Just as God promised that he would dwell among his people, and signified that promise with his temple; so Christ alone was the true fulfillment of the promise. He alone actually brought Godâ€™s presence down to his people (cf. John 1:14), and for that reason, he alone could truly be called the Temple of God. So once he had actually accomplished, in his own body, the real meaning of the Old Testament Temple, then there would never be any more need of it. And after he had raised up this true temple (his body) three days after his death, he sent his Spirit to continue in fulfillment of the Temple principle (I Corinthians 6:19; II Corinthians 6:16; Ephesians 2:19-22), until he will finally and permanently accomplish it in the eternal state (Revelation 21:1-3).
So in sum, just as with the changing of water to wine, Christ is here demonstrating the passing of the old order of physical â€œshadowsâ€, and promising the arrival of the new order of spiritual fulfillment, in himself alone. But, whereas in the former sign-miracle the emphasis is on the blessedness of those who have a part in the new order, this event emphasizes the coming judgment of those who refuse to acknowledge the new order in Christ. Just as Christ drove out the men who had perverted the spiritual significance of the Temple in favor of material things; so in the future, those who refuse to embrace the spiritual realities of the new order in Christ would be eternally driven out from Godâ€™s presence.
The chapter then closes out with a description of those who believe in Christ because of his physical signs alone, but did not truly believe in him as the fulfillment of all the Old Testament signs. And so the same tragedy is going to continue, throughout the course of Christâ€™s earthly ministry (and beyond) â€“ the Old Covenant worship services were designed to teach the Jews of Christ; and yet, when Christ came, instead of embracing him as the fulfillment of all the signs, they chose to embrace the signs themselves, and reject him.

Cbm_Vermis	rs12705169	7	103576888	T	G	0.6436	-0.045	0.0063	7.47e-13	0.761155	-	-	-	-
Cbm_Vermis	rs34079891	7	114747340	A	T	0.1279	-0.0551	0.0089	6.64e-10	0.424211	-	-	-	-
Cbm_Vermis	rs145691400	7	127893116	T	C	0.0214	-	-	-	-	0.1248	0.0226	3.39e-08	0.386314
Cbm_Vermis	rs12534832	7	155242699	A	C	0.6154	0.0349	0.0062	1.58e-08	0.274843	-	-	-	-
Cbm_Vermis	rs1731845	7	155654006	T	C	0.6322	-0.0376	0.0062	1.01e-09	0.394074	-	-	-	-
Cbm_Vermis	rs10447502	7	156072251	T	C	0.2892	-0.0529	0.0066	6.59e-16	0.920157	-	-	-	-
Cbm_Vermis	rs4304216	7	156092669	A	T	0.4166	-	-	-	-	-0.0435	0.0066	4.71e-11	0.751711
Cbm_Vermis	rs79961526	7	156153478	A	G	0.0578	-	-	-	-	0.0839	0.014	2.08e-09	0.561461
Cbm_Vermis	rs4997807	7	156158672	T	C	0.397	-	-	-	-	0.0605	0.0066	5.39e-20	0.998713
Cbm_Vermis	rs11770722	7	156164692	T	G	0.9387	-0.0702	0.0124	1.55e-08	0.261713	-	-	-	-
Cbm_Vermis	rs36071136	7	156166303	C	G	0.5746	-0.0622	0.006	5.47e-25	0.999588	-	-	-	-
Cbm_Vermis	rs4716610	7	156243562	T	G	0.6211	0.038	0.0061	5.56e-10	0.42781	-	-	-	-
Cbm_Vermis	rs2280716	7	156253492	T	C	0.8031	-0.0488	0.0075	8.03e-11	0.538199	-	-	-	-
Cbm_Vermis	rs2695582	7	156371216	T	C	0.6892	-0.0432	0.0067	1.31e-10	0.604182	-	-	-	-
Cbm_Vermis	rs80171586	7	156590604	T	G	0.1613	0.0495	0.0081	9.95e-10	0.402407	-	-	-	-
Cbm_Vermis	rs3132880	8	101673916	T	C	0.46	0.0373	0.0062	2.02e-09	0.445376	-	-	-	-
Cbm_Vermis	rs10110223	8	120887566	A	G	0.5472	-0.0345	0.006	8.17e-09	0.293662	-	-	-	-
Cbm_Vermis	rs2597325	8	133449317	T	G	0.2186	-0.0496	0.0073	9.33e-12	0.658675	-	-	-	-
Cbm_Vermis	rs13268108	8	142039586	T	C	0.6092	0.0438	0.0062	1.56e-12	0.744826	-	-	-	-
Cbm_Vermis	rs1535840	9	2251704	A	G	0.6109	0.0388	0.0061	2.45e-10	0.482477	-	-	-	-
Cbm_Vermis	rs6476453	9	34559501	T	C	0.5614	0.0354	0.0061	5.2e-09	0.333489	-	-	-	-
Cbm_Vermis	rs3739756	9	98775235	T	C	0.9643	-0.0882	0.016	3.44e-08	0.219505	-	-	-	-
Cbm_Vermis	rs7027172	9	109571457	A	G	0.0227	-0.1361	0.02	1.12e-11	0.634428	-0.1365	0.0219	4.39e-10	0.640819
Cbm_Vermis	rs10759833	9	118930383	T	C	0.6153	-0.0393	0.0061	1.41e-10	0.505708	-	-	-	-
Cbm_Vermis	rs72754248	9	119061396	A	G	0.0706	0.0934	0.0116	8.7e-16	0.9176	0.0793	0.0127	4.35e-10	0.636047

The Discourse with the Samaritan Woman (John 4:1-42)
Weâ€™ve been talking about the coming of the new order, or the Messianic fulfillment of the old signs â€“ but what does this have to do with the promised Kingdom? In a word â€“ everything. For Christâ€™s teaching, which was so startling to the Jews of his day, was that the promised Kingdom would make its arrival as a spiritual Kingdom, and slowly spread over all the earth, until the final Sabbath rest in the New Jerusalem (cf. Matthew 13:31-32). From the beginning of his ministry, Jesus was proclaiming the arrival of the promised Kingdom â€“ but it was not yet a kingdom which could be seen (Luke 17:20-21; John 18:36). Yes, the promised Kingdom would eventually be visible, in the final culmination of history (Revelation 21:1-3). But what the Jews did not understand was that it would first appear as a spiritual Kingdom, which would slowly grow and fill the earth, before it would completely renew the earth in a visible manner.
In this day, when the Kingdom is growing, but spiritual and invisible, how is it different from the old kingdom of David? We have already mentioned one thing â€“ it is a substantial, or essential Kingdom. The old Theocratic Kingdom was a foreshadow of spiritual realities; but Christâ€™s coming has brought the true substance to which those foreshadows pointed. But not only is Christâ€™s Kingdom a substantial Kingdom; as we shall see in his dealing with the Samaritan woman, it is also a universal Kingdom. It will no longer be bound to one locale or on ethnicity â€“ but will be characterized only by â€œspirit and truth (John 4:24).